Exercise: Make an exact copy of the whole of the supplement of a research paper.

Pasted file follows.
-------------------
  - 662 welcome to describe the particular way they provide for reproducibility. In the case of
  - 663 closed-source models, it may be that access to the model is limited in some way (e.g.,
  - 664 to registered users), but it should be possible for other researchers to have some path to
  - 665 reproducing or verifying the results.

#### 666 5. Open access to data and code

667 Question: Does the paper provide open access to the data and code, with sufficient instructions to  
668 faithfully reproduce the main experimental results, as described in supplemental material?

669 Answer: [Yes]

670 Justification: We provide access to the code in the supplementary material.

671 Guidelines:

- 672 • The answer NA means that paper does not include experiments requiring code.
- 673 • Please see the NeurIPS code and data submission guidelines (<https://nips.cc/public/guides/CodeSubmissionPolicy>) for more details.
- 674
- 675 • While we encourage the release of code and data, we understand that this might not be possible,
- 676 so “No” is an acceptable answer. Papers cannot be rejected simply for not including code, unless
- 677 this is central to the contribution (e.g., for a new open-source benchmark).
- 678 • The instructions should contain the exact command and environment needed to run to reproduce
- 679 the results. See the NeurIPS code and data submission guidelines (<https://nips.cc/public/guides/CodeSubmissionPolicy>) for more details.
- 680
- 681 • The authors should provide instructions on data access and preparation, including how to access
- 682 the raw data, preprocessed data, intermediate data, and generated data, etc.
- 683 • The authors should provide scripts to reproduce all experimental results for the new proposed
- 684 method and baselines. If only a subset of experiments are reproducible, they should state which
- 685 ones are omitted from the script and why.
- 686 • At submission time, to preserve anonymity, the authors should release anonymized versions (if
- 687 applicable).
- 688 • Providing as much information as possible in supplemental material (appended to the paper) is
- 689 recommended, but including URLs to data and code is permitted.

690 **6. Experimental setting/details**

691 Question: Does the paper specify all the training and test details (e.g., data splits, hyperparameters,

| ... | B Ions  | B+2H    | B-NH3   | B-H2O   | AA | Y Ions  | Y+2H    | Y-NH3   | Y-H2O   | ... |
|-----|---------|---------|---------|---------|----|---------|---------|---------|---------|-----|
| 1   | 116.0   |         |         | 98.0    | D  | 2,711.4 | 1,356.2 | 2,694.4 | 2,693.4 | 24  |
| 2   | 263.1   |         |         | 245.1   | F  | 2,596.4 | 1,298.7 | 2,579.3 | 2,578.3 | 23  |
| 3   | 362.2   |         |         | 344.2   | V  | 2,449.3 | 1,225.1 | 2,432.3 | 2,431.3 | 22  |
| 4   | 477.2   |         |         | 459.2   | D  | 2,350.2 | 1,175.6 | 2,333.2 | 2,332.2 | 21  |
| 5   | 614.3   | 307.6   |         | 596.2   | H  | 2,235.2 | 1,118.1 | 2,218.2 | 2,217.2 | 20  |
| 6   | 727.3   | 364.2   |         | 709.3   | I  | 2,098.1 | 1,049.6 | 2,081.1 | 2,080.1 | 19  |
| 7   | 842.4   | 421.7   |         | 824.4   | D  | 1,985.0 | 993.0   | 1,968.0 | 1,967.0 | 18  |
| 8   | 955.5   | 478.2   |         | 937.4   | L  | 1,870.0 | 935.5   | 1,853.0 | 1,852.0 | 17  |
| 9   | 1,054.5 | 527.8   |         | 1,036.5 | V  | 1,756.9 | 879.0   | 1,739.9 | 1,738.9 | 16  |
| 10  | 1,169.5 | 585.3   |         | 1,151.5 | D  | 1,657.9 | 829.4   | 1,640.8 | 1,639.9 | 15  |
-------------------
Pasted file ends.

  - 662 welcome to describe the particular way they provide for reproducibility. In the case of
  - 663 closed-source models, it may be that access to the model is limited in some way (e.g.,
  - 664 to registered users), but it should be possible for other researchers to have some path to
  - 665 reproducing or verifying the results.

#### 666 5. Open access to data and code

667 Question: Does the paper provide open access to the data and code, with sufficient instructions to  
668 faithfully reproduce the main experimental results, as described in supplemental material?

669 Answer: [Yes]

670 Justification: We provide access to the code in the supplementary material.

671 Guidelines:

- 672 • The answer NA means that paper does not include experiments requiring code.
- 673 • Please see the NeurIPS code and data submission guidelines (<https://nips.cc/public/guides/CodeSubmissionPolicy>) for more details.
- 674
- 675 • While we encourage the release of code and data, we understand that this might not be possible,
- 676 so “No” is an acceptable answer. Papers cannot be rejected simply for not including code, unless
- 677 this is central to the contribution (e.g., for a new open-source benchmark).
- 678 • The instructions should contain the exact command and environment needed to run to reproduce
- 679 the results. See the NeurIPS code and data submission guidelines (<https://nips.cc/public/guides/CodeSubmissionPolicy>) for more details.
- 680
- 681 • The authors should provide instructions on data access and preparation, including how to access
- 682 the raw data, preprocessed data, intermediate data, and generated data, etc.
- 683 • The authors should provide scripts to reproduce all experimental results for the new proposed
- 684 method and baselines. If only a subset of experiments are reproducible, they should state which
- 685 ones are omitted from the script and why.
- 686 • At submission time, to preserve anonymity, the authors should release anonymized versions (if
- 687 applicable).
- 688 • Providing as much information as possible in supplemental material (appended to the paper) is
- 689 recommended, but including URLs to data and code is permitted.

690 **6. Experimental setting/details**

691 Question: Does the paper specify all the training and test details (e.g., data splits, hyperparameters,

| ... | B Ions  | B+2H    | B-NH3   | B-H2O   | AA | Y Ions  | Y+2H    | Y-NH3   | Y-H2O   | ... |
|-----|---------|---------|---------|---------|----|---------|---------|---------|---------|-----|
| 1   | 116.0   |         |         | 98.0    | D  | 2,711.4 | 1,356.2 | 2,694.4 | 2,693.4 | 24  |
| 2   | 263.1   |         |         | 245.1   | F  | 2,596.4 | 1,298.7 | 2,579.3 | 2,578.3 | 23  |
| 3   | 362.2   |         |         | 344.2   | V  | 2,449.3 | 1,225.1 | 2,432.3 | 2,431.3 | 22  |
| 4   | 477.2   |         |         | 459.2   | D  | 2,350.2 | 1,175.6 | 2,333.2 | 2,332.2 | 21  |
| 5   | 614.3   | 307.6   |         | 596.2   | H  | 2,235.2 | 1,118.1 | 2,218.2 | 2,217.2 | 20  |
| 6   | 727.3   | 364.2   |         | 709.3   | I  | 2,098.1 | 1,049.6 | 2,081.1 | 2,080.1 | 19  |
| 7   | 842.4   | 421.7   |         | 824.4   | D  | 1,985.0 | 993.0   | 1,968.0 | 1,967.0 | 18  |
| 8   | 955.5   | 478.2   |         | 937.4   | L  | 1,870.0 | 935.5   | 1,853.0 | 1,852.0 | 17  |
| 9   | 1,054.5 | 527.8   |         | 1,036.5 | V  | 1,756.9 | 879.0   | 1,739.9 | 1,738.9 | 16  |
| 10  | 1,169.5 | 585.3   |         | 1,151.5 | D  | 1,657.9 | 829.4   | 1,640.8 | 1,639.9 | 15  |